Frequently, yes. It's politics, and people tend to lie. And even while that would technically be evidence of the drafter's intention (albeit after the fact and with a strong motive to lie), it wouldn't necessarily reflect the intent of the legislature in passing the law.

Comment: Re:Are we too quick to act on social media outrage (Score 1) 369 369

Short answer: Yes.

Long answer: Oooooooooooooooooooooooooohhhhhhhhhhhhhhhhhhhhhhhh Hhhhhhhhhhhhhhhhhhheeeeeeeeeeeeeeellllllllllllllllllllllllllll Yyyyyyyyyyyyyyyyeeeeeeeeeeeeeessssssssssssssssssss!!!

People need to grow the fuck up and grow some slightly thicker skin.
People still have a lot of rights. Thankfully.
But the "right to never be offended" has NEVER been among them.

People have the right to free speech, but unfortunately that does not extend to free speech without consequence from your employers. The employer isn't firing you because of anyone's right not to be offended, they're doing it because keeping him around keeps them in the news cycle and makes it be one of the first things you see about them when you look them up. Like the girl who got fired for poor-judgment tweeting about white privilege and not getting HIV.

Comment: Malum Prohibitum (Score 2) 103 103

Screw you, Statists, get back to enforcing the malum in se — you know, the kind of thing, that is illegal because it is wrong.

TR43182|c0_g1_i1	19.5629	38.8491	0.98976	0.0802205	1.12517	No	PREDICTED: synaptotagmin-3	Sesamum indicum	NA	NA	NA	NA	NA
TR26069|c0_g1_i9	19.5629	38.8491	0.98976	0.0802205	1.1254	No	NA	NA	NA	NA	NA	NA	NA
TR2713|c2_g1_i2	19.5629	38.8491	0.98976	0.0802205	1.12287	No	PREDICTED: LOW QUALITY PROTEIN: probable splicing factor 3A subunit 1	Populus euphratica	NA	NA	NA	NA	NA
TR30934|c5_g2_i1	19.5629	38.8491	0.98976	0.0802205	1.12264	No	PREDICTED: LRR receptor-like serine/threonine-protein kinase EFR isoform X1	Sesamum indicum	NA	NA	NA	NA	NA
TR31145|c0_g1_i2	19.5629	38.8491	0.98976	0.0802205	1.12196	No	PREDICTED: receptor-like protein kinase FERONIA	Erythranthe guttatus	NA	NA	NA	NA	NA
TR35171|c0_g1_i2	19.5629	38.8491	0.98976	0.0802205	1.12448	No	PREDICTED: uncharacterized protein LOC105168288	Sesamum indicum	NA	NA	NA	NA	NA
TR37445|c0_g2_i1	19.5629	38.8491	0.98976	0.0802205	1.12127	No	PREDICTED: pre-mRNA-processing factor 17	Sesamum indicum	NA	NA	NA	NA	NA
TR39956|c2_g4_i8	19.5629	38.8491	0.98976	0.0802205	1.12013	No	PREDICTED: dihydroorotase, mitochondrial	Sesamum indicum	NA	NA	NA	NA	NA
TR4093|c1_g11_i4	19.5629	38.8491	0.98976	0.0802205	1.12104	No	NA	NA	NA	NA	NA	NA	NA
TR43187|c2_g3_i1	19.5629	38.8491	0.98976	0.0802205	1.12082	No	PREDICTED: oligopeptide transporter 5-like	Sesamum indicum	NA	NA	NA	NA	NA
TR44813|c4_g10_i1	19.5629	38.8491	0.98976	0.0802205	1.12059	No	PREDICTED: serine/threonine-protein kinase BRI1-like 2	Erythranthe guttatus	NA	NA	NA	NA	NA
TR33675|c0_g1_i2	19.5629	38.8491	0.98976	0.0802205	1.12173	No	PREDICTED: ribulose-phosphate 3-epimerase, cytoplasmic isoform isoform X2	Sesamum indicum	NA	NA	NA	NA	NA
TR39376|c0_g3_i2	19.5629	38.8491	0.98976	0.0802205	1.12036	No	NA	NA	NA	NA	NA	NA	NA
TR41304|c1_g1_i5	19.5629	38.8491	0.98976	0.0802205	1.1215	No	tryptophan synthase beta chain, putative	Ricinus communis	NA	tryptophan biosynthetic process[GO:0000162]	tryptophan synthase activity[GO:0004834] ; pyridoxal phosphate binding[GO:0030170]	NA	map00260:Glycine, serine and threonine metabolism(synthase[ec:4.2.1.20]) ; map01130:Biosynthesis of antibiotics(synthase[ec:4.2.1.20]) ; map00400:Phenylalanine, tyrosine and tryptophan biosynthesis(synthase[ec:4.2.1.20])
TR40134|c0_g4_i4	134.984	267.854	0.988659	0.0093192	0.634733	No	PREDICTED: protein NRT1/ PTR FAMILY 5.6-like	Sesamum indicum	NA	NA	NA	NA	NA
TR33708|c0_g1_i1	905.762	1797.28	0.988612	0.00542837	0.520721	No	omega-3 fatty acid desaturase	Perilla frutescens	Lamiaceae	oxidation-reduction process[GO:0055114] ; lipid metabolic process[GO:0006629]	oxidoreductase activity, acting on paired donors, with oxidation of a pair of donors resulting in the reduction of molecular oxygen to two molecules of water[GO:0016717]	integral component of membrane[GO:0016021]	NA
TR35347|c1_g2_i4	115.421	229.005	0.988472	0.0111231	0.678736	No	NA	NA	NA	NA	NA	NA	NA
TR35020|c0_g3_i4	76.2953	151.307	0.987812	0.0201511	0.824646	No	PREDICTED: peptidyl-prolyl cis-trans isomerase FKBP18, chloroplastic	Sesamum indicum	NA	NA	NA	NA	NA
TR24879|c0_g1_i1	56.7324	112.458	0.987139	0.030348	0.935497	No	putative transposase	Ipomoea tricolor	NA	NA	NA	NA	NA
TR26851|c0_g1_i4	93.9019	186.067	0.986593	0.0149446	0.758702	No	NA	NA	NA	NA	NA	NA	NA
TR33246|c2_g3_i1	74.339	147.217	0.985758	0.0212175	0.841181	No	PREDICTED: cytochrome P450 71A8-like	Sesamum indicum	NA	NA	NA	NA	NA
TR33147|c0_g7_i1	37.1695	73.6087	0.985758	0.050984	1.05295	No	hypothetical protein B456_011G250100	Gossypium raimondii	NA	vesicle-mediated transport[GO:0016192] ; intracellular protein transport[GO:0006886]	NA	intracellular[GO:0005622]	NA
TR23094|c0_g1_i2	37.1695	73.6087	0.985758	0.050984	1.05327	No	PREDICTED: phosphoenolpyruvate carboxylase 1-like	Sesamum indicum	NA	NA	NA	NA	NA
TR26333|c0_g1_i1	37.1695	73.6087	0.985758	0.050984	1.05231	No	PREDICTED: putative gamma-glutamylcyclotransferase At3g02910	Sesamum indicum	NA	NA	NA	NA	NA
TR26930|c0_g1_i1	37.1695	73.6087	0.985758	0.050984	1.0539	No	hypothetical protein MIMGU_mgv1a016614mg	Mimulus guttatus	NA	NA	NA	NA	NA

For a modern state to function, you need both kinds of law. Failure to pay taxes is malum prohibitum (bad because it is prohibited), but without paying taxes you don't have cops.

Comment: SCOTUS Decisions often based on reality (Score 5, Interesting) 591 591

availability of the credits is required to "avoid the type of calamitous result

In other words, the majority's decision was based not on the law itself, but on its effects and/or would-be effects.

Yes. In the real world SCOTUS looks closely at what impact their decision will have. "not based on the law itself" is a ridiculous criticism--they are being *asked* what the law is, and part of deciding what the law is when there is any ambiguity or potentially counterintuitive result is to figure out what are the consequences if the law is way X vs. way Y.

That's why SCOTUS often considers "administrability" when they are making decisions. It's a fundamental part of how the court operates. Would you rather they kill people Congress didn't intend to kill or that they say "this is a typo and in the context of what you are doing, it's pretty damn clear you would have intended this to mean X if you had bothered to read the law you wrote."

There is zero ambiguity here in terms of what Congress intended; it's clear that a law was poorly drafted. This is a not a maybe-they-meant-Y situation, this is a "hey, they accidentally used a sentence that probably says Y."

Comment: There Are More Rooms than People (Score 2, Informative) 937 937

The banks already own literally multiple homes for every homeless man, woman, and child in the USA

Interesting figure. Where'd you get it?

It looks like Amnesty International:

Coincidentally, there are 116M housing units in the US, median size say 4-5 rooms. If you had one person per room in every house, we could house everyone easily--318 million people in the US vs. 464M rooms. But the market isn't doing that.

Getting the job done is no excuse for not following the rules. Corollary: Following the rules will not get the job done.